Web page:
Fair Trade has become an increasingly integral part of poverty alleviation, as it now impacts about one million livelihoods, with 74 percent of those being women. In fact, 54 percent of senior roles in fair trade organizations are held by women. Fair Trade policies aim to help empower people to combat poverty, strengthen, and take control of their own lives.

What Is The Government Doing To Help?

In India today, women constitute about 14 percent of the total entrepreneurship. However, the lack of equal access to education, employment, labor, and sexual violence hinders further advancements. The government has struggled to combat the issue of human trafficking, as it has been so widespread. Currently, it is looking toward crime prevention and harsher penalties for child prostitution and forced marriage, as well as improvements to protect victims. However, India’s vast landscape and corruption of officials still pose as obstacles that the government must overcome to further the progress throughout the country.

Check this out to see how you can get involved with Freeset: https://freesetglobal.com/volunteer/

– Adya Khosla
Photo: Flickr

People Tree FoundationWithin the last two decades, the fashion industry has become increasingly cheap and accessible. The term fast fashion refers to rapidly and cheaply produced apparel that cycles out according to ever-changing trends. This term has been integrated into most fashion brands’ profit-oriented business models and has negatively impacted impoverished communities in developing countries.

Fast fashion brands often exploit poor countries for cheap labor, and many supply chains that are connected with big-name brands do not provide safe working conditions or sufficient living wages. For example, nine out of 10 fashion workers in Bangladesh cannot afford enough food for their families.

The People Tree Foundation

However, People Tree is defying the harmful practices of the fashion industry. People Tree is a fair trade brand, based in London and Tokyo, which takes a more people-oriented approach to fashion. People Tree’s work focuses on promoting sustainability, empowering women and improving conditions in poor communities. This fair trade brand is dedicated to producing ethically-made and sustainable clothing by using environmentally friendly materials and implementing good working conditions. People Tree refers to their practices as “slow fashion.”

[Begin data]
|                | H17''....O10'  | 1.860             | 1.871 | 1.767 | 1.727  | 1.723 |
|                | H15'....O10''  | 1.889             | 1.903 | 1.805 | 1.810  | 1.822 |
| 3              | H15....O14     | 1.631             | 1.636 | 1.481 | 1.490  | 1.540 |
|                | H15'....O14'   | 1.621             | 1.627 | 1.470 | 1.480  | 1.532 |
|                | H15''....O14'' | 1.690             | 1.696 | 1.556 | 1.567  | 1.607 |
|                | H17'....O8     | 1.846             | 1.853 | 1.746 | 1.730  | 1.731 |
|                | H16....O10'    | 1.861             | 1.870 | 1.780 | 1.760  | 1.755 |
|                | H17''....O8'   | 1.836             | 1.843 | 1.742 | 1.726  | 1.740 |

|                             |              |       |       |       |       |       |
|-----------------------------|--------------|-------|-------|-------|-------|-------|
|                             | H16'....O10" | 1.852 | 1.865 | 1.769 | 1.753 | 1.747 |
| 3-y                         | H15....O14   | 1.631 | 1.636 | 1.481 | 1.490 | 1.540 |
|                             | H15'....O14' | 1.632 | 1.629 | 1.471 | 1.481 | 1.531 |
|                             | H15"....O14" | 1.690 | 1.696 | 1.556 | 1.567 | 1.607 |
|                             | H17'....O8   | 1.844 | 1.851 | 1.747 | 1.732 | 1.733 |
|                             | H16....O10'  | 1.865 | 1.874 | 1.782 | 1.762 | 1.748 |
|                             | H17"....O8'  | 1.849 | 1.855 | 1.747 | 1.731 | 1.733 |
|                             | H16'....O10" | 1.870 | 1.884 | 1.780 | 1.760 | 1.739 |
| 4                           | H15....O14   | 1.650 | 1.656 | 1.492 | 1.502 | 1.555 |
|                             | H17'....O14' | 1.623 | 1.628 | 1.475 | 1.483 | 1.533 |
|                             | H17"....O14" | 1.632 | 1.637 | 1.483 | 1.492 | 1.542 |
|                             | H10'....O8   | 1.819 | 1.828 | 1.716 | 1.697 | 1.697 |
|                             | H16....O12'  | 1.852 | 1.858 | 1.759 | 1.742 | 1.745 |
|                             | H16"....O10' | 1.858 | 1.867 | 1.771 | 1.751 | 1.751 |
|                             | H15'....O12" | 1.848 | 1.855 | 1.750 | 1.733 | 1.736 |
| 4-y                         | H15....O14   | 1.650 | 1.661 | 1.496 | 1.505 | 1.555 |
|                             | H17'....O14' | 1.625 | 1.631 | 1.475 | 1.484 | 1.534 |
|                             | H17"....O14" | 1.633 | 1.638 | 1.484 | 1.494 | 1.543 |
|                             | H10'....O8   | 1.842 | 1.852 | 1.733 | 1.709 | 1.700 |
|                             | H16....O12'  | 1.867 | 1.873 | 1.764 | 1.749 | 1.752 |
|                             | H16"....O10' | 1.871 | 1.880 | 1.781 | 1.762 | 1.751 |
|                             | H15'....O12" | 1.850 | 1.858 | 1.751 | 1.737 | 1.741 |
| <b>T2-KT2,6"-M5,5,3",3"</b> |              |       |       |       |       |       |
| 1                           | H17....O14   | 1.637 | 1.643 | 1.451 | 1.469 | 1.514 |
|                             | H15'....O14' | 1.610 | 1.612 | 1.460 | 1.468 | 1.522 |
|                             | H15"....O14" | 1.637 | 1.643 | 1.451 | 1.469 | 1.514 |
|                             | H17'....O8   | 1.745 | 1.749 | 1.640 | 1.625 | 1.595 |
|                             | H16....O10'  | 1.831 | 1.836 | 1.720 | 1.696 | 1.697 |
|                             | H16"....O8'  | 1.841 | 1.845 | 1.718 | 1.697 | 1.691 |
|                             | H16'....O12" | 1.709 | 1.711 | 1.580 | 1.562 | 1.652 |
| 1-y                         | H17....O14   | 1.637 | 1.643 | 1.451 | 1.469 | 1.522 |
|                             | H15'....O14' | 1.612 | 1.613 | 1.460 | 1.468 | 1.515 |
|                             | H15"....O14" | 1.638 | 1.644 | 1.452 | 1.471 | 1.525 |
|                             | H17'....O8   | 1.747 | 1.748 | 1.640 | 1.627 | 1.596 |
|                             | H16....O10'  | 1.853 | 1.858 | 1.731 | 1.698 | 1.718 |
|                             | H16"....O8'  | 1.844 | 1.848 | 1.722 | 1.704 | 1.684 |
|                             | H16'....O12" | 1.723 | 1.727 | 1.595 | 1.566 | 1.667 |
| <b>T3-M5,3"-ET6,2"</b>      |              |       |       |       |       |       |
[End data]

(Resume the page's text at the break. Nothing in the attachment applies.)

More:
People Tree is not just a fashion brand; it also works alongside an independent charity called the People Tree Foundation. The foundation works to accomplish three main goals: reduce poverty, protect the environment and spread awareness about fair trade. To reach these goals, People Tree raises funds to provide education and training to people in developing countries, protect the environment by using organic materials and campaigning to raise awareness about sustainable and ethical fashion.

The People Tree Foundation works in countries that are vulnerable to exploitation such as Nepal, Bangladesh, India and Kenya. These countries are susceptible to the injustices of fast fashion because the garment industry dominates their economy and comprises the majority of jobs. The foundation is involved with a variety of fair trade projects in these developing countries that aim to empower artisan groups in small communities.

In 2015, the People Tree Foundation generated more than £10,000 from sales and donations. The funds raised for that year were donated to projects such as Thanapara Swallows. Thanapara Swallows is a nongovernmental organization in Bangladesh committed to educating and training the poor population and creating health awareness and self-employment opportunities. Thanapara Swallows built a school in Bangladesh that educates nearly 300 students who are getting five years of primary education, and People Tree supports 50 percent of their school’s running costs.

Other Sustainable Solutions

In the fight against fast fashion, People Tree is not alone. Many fair trade organizations and brands have been on a rise in popularity. For example, the World Fair Trade Organization (WFTO), which People Tree is a member of, is among the organizations leading the movement toward ethical and sustainable fashion.

The WTFO has over 330 Fair Trade Enterprise members and over 70 supporting organizations that are committed to abiding by fair trade practices, including respecting the environment, ensuring gender equality, providing fair wages and good working conditions and ensuring opportunities for economically disadvantaged producers. The WTFO has impacted over 965,700 livelihoods by creating a fair trade standard for brands to follow. Brands verified are by the WTFO through peer reviews and independent audits.